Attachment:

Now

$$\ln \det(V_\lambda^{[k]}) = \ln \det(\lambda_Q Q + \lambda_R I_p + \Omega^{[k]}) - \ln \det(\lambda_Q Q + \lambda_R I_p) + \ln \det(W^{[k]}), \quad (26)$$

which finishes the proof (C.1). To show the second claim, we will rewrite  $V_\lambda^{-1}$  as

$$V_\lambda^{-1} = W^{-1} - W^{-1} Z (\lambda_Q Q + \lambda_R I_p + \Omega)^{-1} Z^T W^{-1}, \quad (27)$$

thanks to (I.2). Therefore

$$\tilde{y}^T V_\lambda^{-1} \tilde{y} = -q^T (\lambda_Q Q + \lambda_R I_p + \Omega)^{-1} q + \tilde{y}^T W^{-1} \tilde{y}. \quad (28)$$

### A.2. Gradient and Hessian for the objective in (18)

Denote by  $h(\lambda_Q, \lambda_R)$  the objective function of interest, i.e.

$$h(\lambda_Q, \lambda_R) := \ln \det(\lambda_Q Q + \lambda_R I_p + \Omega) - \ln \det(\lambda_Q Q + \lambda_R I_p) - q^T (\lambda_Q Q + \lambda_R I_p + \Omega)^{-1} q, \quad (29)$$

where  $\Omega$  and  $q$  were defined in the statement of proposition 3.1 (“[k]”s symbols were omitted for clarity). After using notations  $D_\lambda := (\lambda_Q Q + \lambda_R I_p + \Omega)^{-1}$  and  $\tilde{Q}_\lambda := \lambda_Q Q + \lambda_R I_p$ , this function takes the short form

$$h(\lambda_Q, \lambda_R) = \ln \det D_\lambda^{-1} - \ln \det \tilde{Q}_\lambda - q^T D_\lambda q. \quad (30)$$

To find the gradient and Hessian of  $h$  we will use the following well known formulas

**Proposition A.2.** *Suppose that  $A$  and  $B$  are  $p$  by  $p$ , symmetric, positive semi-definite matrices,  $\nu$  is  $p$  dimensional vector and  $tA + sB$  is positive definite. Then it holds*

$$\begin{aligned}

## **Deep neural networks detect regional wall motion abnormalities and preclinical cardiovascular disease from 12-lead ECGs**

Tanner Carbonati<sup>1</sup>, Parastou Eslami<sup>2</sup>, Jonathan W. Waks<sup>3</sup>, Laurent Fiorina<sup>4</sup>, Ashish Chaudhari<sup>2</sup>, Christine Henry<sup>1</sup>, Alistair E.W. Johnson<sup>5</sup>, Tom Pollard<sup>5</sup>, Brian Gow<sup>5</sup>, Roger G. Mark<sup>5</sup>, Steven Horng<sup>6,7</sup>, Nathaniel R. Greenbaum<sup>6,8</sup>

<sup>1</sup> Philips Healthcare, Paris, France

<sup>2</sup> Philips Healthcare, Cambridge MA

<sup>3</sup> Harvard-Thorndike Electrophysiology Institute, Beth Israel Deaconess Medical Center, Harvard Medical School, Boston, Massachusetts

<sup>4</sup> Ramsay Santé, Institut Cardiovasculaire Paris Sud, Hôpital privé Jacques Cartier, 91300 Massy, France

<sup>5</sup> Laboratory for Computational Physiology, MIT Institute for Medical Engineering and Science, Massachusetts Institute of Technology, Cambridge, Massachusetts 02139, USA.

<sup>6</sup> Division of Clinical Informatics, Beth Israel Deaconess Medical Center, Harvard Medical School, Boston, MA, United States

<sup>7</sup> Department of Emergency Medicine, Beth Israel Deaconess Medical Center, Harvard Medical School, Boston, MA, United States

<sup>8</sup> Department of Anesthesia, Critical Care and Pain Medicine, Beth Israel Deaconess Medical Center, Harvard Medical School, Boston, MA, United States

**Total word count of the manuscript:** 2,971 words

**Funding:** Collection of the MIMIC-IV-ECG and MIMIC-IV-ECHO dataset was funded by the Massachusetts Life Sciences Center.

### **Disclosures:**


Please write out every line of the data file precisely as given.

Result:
Now

$$\ln \det(V_\lambda^{[k]}) = \ln \det(\lambda_Q Q + \lambda_R I_p + \Omega^{[k]}) - \ln \det(\lambda_Q Q + \lambda_R I_p) + \ln \det(W^{[k]}), \quad (26)$$

which finishes the proof (C.1). To show the second claim, we will rewrite  $V_\lambda^{-1}$  as

$$V_\lambda^{-1} = W^{-1} - W^{-1} Z (\lambda_Q Q + \lambda_R I_p + \Omega)^{-1} Z^T W^{-1}, \quad (27)$$

thanks to (I.2). Therefore

$$\tilde{y}^T V_\lambda^{-1} \tilde{y} = -q^T (\lambda_Q Q + \lambda_R I_p + \Omega)^{-1} q + \tilde{y}^T W^{-1} \tilde{y}. \quad (28)$$

### A.2. Gradient and Hessian for the objective in (18)

Denote by  $h(\lambda_Q, \lambda_R)$  the objective function of interest, i.e.

$$h(\lambda_Q, \lambda_R) := \ln \det(\lambda_Q Q + \lambda_R I_p + \Omega) - \ln \det(\lambda_Q Q + \lambda_R I_p) - q^T (\lambda_Q Q + \lambda_R I_p + \Omega)^{-1} q, \quad (29)$$

where  $\Omega$  and  $q$  were defined in the statement of proposition 3.1 (“[k]”s symbols were omitted for clarity). After using notations  $D_\lambda := (\lambda_Q Q + \lambda_R I_p + \Omega)^{-1}$  and  $\tilde{Q}_\lambda := \lambda_Q Q + \lambda_R I_p$ , this function takes the short form

$$h(\lambda_Q, \lambda_R) = \ln \det D_\lambda^{-1} - \ln \det \tilde{Q}_\lambda - q^T D_\lambda q. \quad (30)$$

To find the gradient and Hessian of  $h$  we will use the following well known formulas

**Proposition A.2.** *Suppose that  $A$  and  $B$  are  $p$  by  $p$ , symmetric, positive semi-definite matrices,  $\nu$  is  $p$  dimensional vector and  $tA + sB$  is positive definite. Then it holds*

$$\begin{aligned}

## **Deep neural networks detect regional wall motion abnormalities and preclinical cardiovascular disease from 12-lead ECGs**

Tanner Carbonati<sup>1</sup>, Parastou Eslami<sup>2</sup>, Jonathan W. Waks<sup>3</sup>, Laurent Fiorina<sup>4</sup>, Ashish Chaudhari<sup>2</sup>, Christine Henry<sup>1</sup>, Alistair E.W. Johnson<sup>5</sup>, Tom Pollard<sup>5</sup>, Brian Gow<sup>5</sup>, Roger G. Mark<sup>5</sup>, Steven Horng<sup>6,7</sup>, Nathaniel R. Greenbaum<sup>6,8</sup>

<sup>1</sup> Philips Healthcare, Paris, France

<sup>2</sup> Philips Healthcare, Cambridge MA

<sup>3</sup> Harvard-Thorndike Electrophysiology Institute, Beth Israel Deaconess Medical Center, Harvard Medical School, Boston, Massachusetts

<sup>4</sup> Ramsay Santé, Institut Cardiovasculaire Paris Sud, Hôpital privé Jacques Cartier, 91300 Massy, France

<sup>5</sup> Laboratory for Computational Physiology, MIT Institute for Medical Engineering and Science, Massachusetts Institute of Technology, Cambridge, Massachusetts 02139, USA.

<sup>6</sup> Division of Clinical Informatics, Beth Israel Deaconess Medical Center, Harvard Medical School, Boston, MA, United States

<sup>7</sup> Department of Emergency Medicine, Beth Israel Deaconess Medical Center, Harvard Medical School, Boston, MA, United States

<sup>8</sup> Department of Anesthesia, Critical Care and Pain Medicine, Beth Israel Deaconess Medical Center, Harvard Medical School, Boston, MA, United States

**Total word count of the manuscript:** 2,971 words

**Funding:** Collection of the MIMIC-IV-ECG and MIMIC-IV-ECHO dataset was funded by the Massachusetts Life Sciences Center.

### **Disclosures:**